Gilpins Peculiar Luck: English Trainer Has Never Been Able to Win Cambridgeshire, Daily Racing Form, 1923-05-17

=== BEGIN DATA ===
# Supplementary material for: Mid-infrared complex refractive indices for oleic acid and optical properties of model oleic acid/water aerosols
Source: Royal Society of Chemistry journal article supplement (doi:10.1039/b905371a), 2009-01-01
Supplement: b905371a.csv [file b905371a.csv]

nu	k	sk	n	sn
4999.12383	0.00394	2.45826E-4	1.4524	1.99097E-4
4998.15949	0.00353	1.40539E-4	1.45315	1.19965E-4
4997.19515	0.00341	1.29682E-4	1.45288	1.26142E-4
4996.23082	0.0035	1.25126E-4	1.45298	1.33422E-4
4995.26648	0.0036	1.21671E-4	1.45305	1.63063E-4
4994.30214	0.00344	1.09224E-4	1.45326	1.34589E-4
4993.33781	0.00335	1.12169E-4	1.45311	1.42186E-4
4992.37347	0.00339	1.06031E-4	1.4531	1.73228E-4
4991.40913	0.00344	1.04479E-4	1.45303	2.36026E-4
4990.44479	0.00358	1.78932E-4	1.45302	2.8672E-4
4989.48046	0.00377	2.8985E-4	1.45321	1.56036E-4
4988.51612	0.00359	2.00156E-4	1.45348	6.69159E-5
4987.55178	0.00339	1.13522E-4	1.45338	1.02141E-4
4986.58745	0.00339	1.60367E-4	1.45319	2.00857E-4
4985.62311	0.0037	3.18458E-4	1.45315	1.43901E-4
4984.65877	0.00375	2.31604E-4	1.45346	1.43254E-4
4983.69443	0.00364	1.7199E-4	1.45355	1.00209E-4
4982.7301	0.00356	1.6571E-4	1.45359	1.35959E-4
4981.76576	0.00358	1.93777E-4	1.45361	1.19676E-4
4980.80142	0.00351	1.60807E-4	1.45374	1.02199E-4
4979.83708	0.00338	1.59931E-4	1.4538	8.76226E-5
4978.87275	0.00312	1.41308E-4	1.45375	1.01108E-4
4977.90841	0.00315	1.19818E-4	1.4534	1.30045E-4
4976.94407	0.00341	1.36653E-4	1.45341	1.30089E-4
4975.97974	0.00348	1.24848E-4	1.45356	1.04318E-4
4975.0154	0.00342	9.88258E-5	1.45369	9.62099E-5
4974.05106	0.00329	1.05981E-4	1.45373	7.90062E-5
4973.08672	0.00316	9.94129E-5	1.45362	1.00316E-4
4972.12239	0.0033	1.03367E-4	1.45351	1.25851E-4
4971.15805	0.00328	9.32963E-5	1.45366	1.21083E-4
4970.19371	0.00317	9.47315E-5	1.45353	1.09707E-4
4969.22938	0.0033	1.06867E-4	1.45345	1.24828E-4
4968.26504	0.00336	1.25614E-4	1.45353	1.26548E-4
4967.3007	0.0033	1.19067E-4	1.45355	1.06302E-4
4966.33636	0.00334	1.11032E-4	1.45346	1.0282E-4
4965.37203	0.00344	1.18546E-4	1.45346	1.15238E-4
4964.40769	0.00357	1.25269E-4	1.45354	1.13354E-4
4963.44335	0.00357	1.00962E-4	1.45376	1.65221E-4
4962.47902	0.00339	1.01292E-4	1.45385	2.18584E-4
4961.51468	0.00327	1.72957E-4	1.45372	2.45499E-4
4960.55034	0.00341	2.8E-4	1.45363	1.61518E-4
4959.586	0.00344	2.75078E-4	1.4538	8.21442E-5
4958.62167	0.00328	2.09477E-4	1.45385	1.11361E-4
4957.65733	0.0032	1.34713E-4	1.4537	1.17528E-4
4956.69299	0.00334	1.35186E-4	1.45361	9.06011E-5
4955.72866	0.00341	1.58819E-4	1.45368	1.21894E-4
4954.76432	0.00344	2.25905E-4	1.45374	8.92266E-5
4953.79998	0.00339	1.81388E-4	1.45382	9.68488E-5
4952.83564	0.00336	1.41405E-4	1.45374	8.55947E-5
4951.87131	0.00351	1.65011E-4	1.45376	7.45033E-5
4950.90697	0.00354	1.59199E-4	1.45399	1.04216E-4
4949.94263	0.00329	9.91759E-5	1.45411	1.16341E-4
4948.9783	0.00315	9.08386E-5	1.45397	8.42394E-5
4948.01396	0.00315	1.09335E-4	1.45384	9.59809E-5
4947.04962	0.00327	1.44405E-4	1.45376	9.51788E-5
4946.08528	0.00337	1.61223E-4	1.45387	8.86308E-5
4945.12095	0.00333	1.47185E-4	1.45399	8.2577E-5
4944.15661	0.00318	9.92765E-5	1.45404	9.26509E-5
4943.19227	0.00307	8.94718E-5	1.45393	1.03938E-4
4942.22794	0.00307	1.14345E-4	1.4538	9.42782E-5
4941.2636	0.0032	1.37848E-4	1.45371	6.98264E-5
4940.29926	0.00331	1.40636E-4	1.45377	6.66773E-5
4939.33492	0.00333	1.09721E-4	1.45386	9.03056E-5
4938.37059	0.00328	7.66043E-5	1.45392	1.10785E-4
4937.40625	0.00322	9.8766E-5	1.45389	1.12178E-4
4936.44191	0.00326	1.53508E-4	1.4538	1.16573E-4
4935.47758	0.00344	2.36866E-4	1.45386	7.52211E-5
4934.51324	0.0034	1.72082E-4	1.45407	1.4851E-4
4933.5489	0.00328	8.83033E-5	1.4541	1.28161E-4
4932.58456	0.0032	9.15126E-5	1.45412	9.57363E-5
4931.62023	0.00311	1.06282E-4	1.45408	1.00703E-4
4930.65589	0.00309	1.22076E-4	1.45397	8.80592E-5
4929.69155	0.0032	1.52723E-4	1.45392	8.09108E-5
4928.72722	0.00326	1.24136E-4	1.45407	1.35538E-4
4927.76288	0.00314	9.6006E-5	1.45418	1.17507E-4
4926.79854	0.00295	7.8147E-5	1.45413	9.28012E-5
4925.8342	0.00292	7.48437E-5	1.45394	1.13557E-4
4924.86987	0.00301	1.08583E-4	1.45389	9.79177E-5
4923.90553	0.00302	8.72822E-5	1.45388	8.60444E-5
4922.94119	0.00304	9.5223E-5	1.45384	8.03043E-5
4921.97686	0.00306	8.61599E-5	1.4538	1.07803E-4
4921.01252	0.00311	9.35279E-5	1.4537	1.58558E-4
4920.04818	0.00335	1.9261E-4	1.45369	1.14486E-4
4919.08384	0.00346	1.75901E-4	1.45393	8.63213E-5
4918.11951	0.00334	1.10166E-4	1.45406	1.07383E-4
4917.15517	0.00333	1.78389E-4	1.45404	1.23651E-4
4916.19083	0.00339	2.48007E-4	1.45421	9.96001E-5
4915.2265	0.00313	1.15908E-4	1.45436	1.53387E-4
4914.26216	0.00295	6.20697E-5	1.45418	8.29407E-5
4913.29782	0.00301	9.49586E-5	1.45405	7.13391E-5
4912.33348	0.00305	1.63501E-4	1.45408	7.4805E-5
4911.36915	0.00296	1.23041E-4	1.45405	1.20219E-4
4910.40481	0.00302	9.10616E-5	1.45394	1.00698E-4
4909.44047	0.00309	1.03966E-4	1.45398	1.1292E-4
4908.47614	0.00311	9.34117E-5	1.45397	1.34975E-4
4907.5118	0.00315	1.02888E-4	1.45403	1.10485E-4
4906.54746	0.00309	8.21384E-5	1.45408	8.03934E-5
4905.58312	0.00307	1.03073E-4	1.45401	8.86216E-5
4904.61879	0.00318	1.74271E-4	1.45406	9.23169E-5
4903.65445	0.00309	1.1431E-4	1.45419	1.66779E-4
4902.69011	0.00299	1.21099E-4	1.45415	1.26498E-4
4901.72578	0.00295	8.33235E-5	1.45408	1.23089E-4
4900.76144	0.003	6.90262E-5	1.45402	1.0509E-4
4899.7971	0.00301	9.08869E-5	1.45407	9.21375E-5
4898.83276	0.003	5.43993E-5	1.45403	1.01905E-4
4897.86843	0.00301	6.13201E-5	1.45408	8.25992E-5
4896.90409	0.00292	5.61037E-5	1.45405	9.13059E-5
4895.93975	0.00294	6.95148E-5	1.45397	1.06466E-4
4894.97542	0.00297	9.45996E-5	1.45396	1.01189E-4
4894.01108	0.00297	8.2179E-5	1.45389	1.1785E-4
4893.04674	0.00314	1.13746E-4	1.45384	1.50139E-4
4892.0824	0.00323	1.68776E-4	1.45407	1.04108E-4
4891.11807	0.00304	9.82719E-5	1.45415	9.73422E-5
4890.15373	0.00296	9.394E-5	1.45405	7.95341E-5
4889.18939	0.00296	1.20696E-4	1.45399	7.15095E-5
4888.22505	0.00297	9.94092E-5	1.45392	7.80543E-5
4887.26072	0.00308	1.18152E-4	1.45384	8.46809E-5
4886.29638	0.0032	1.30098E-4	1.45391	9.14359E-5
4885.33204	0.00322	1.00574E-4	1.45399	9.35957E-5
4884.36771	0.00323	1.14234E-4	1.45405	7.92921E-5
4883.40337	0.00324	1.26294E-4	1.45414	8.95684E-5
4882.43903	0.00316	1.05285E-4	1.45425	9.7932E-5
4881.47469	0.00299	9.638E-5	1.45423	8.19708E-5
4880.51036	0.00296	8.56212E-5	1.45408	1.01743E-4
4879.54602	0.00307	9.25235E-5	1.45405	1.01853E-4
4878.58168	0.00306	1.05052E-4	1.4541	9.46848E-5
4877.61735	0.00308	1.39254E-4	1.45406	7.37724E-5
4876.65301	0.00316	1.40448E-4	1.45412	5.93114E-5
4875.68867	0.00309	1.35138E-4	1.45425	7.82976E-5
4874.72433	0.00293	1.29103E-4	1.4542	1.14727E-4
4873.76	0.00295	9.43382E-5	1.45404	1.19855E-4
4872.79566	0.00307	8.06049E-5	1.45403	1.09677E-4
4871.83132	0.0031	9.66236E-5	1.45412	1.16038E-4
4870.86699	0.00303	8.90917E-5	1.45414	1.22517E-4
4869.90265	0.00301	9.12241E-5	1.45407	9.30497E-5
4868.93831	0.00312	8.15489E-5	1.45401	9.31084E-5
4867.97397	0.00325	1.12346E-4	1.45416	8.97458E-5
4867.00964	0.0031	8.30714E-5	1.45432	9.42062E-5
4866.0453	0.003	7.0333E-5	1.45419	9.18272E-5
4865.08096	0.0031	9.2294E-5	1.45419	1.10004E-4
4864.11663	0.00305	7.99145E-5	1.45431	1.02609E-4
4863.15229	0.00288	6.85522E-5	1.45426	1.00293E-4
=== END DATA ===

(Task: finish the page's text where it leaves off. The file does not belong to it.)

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GILPINS PECULIAR LUCK ♦ English Trainer Has Never Been Able to Win Cambridgeshire. ■ ♦ Bnt Has Sent Winners to the Post for AH Other Important English Stake Events During His Long Career. ♦ The English trainer. P. P. O.ilpin. has saddled Hie winners of every important classic in England at one time or another during his long career with the single exception of the Cambridgeshire. Time and again he has had the most likely candidate in his barn, but always something happened to prevent his winning. His account of his bad luck in attempting to win this race he recounts in the following article from the London Weekly Dispatch : Lucky though I have been in the Cesare-witch. I have had amazing ill-fortune with the other great autumn event, the Cambridgeshire. For though I have won the Cesare witch three times. I really ought to have won the Cambridgeshire on different occasions with any average good luck. My first big attack on the Cambridgeshire was when I was still with my regiment in Ireland. My brother officer and old friend. Wengic Jones, had bought a horse called Shinglass, a good-looking or.e indeed, out of Joe Frenchs stable, which was entered in the Cambridgeshire. For this he was very favorably weighted, and trained by Garrett Moore at the Curragh. We all had visions of a golden harvest. 1 began by backing him at 6C to 1. and continued week by week, as he progressed in his preparation, to invest on him at liberal odds, until I soon stood to win several thousands, while Wengie was on to win a fortune. With the courage of youth our confidence was unbounded, and any idea of defeat never occurred to us. Fagan, who was a very good middleweight jockey, was engaged to ride. COFLD NOT ATTEVD MEETING. I could not go to the meeting, for on this occasion military duties could not be put aside. As orderly officer I awaited in the barracks at Newbridge the telegram that was to decide whether I was a man or a mouse. It duly arrived, saying that though the horse had run well it was beaten. Wrell. it could not be helped, and we had to make the best of it. Undaunted, I carefully studied the calendar and. having next day received the account of the race, came to the conclusion that Shinglass would win the Amaster Welter and Maritones and Ker-messe two other races the same day. I therefore wired Lewison. who was then with Mr. Moore, to back all three for me ; Shinglass to win. £1.000. and to put £50 on Maritornes and £100 on Kermesse. The former was a very good dark grey or blue roan two year-old filly belonging to the Duke of St. Albans, and the latter a flying filly of lx rd Itoseberys. Both won, one at 5 to 1 and the other at 2 to 1 on. About an hour after I had sent the tele-giam 1 began to have qualms as to whether Ix-wison would receive the wire, and thought it would be wiser to send another wire, and thus not have all my eggs in one basket. I therefore sent a wire to Fred Gardner, an Irish bookmaker who had been identified with the Cambridgeshire commission and whom I knew was at the meeting, asking him to back Shinglass to win me a thousand. WIRE SOT RECEIVED. Readers can judge with what feelings I received his telegram saying that the horse had won comfortably and that he had taken mo 1.000 to 80. Some hours afterwards I received another from Lewison expressing his regret that he had not received my wire till after the races. So it was as well that I had enlisted the services of the professional as well as those of the amateur. What would have happened to us all had the big coup come off and the horse won the Cambridgeshire I have often wondered. Most certanly a large portion of our hemisphere would have been set on fire. Alls veil that ends well, and what might have been a bad week was safely weathered. It was all tremendous fun and gave us no end to think about. Indeed for weeks I dreamed nearly every night that Shinglass had won the Cambridgeshire. But I was no good as a dreamer— I had once dreamed that Marshal Scott won the Derby, backed it, and it was last. My prospects of winning the Cambridgeshire as a trainer seemed rosy about 1900. W. C. Whitney, the American millionaire, had begun to train with me. and I had bought him several yearlings and two or three other horses, but before they had time to do anything worth while he unexpectedly went into i partnership with Lord William Beresford, , and the horses were transferred to Heath I House at Newmarket, much to my regret. WATKRSHEDS DEAD HEAT. One of the animals that thus escaped me , was a horse named Watershed, which I i selected and bought as a yearling for Mr. Whitney in 1899 for, I think. ,300. The , next year, as a two-year-old. Watershed provided the "coincidence mongers" with good conversation when he ran a dead-heat with , Mackintosh for the Halnaker stakes at Goodwood during a torrential downpour of rain. Two-year-olds do not run off dead-heaUs, and I the stakes were divided. Watershed left my stable with about twenty . other animaK some quite useful, and 1 went to Huggins quarters to win, among j other races, the Cambridgeshire of 1901. I [ always liked this colt and was confident that t same day, sooner or later, he would prove himself a useful horse. The day befoie the ; Cambridgeshire I learned that he was well, , and took ,000 to 00 about him to win, , and a proportionate amount to a similar r stake for a place. A GOOD WAC.ER. When watershed was moving down to the ? post the next day I was so impressed by his j healthy appearance and his perfect action i that I took ,500 to 5 more about him, , and consequently, though I felt sorry that t the winner had not come from -ny stable, I I was pleased to see him win, which he did by / a neck. Somehow there is always a 1 ttle additional 1 satisfaction when you find a winner at a i good price, not at all a frequent occurrence. . In 1900 I bought Mr. Whitney a good J yearling filly at Doncaste- for ,550. She b was by Ayrshire — Abeyiace. subsequently named Ballantnuy and won the Cambridge- - i , I , i , , I . 1 j [ t ; , , r ? j i , t I I / 1 a i . J b - shire for Mr. Wrhitney in 1902. She also was I trained by Huggins. Had Mr. Whitney also taken my advice j about another animal — Irish Ivy — he would have put up the astonishing performance of winning three Cambridgeshires in four years, which would have been a record, indeed. It was early in 1S99 that Mr. Wrhitney had come , to England from America. Soon afterward j he asked me if there was any animal that 1 1 could recommend him to purchase. I immediately replied: "Yes, you should I try to buy Irish Ivy, a three-year-okd Irish I filly owned by Captain Peel, and now in Ireland." . Mr. Whitney asked me what Irish Ivy was likely to cost and I told him she was purchasable the previous winter for something like 0,000, but now I understood that Car -tain Peel was asking 0,000 for her. When , she was going for 0,000 I had recommended . Mr. Neumann to buy her, -but he had 1 declined. Mr. Whitney now asked me what Irish Ivy was likely to do if he bought her and I re- plied that she would win the Irish Oaks, the I Grand Prize at Leopardstown, the Park Hill Stakes at Doncaster and either the [ Duke of York Stakes at Kempton or the ; Cambridgeshire. I added : "If you dont run I her in the Irish races I believe she will win l both the Duke of York Stakes and the . Cambridgeshire." It was a bold prohpecy , to make, but as will be seen was amply justified. AVHITNEY MUCH IMPRESSED. Mr. Whitney was greatly impressed, asked i me to go to Ireland and see if I could buy Irish Ivy, but I stipulated that I should see him again before I crossed. I wrote to • Captain Peel and made an appointment to see his mare at the Curragh, stating that if f she were all right I proposed to buy her. . Then on the day I left Newmarket I sent a wire to Mr. Whitney saying that I was 5 coming up to London and would call upon t him, but when I saw him he told me he had 1 changed his mind and did not think he would 1 buy Irish Ivy. I suppose that some kind j , friend had given him a little "good advice" in the meantime. He asked me to dine with 1 him that night to talk over things, but I said 1 I was sorry I could not do so as I was going j over to Ireland. "What are you going to do there?" he , asked, and I replied that I was going to look after seme business over there and, incident- ally, see Irish Ivy win the Irish Oaks and 1 back her to do so. Needless to say, Irish Ivy ran away with ! the Irish Oaks and then proceeded to carry out the rest of the program I had mapped out for her to Mr. Whitney. She won the ft Grand Prize at Leopardstown. the Park Hill 1 Stakes at Doncaster and the Cambridgeshire e Her victory in the Cambridgeshire with y Kempton Cannon in the saddle was obtained , comparatively easily, though her starting I price was 20 to 1,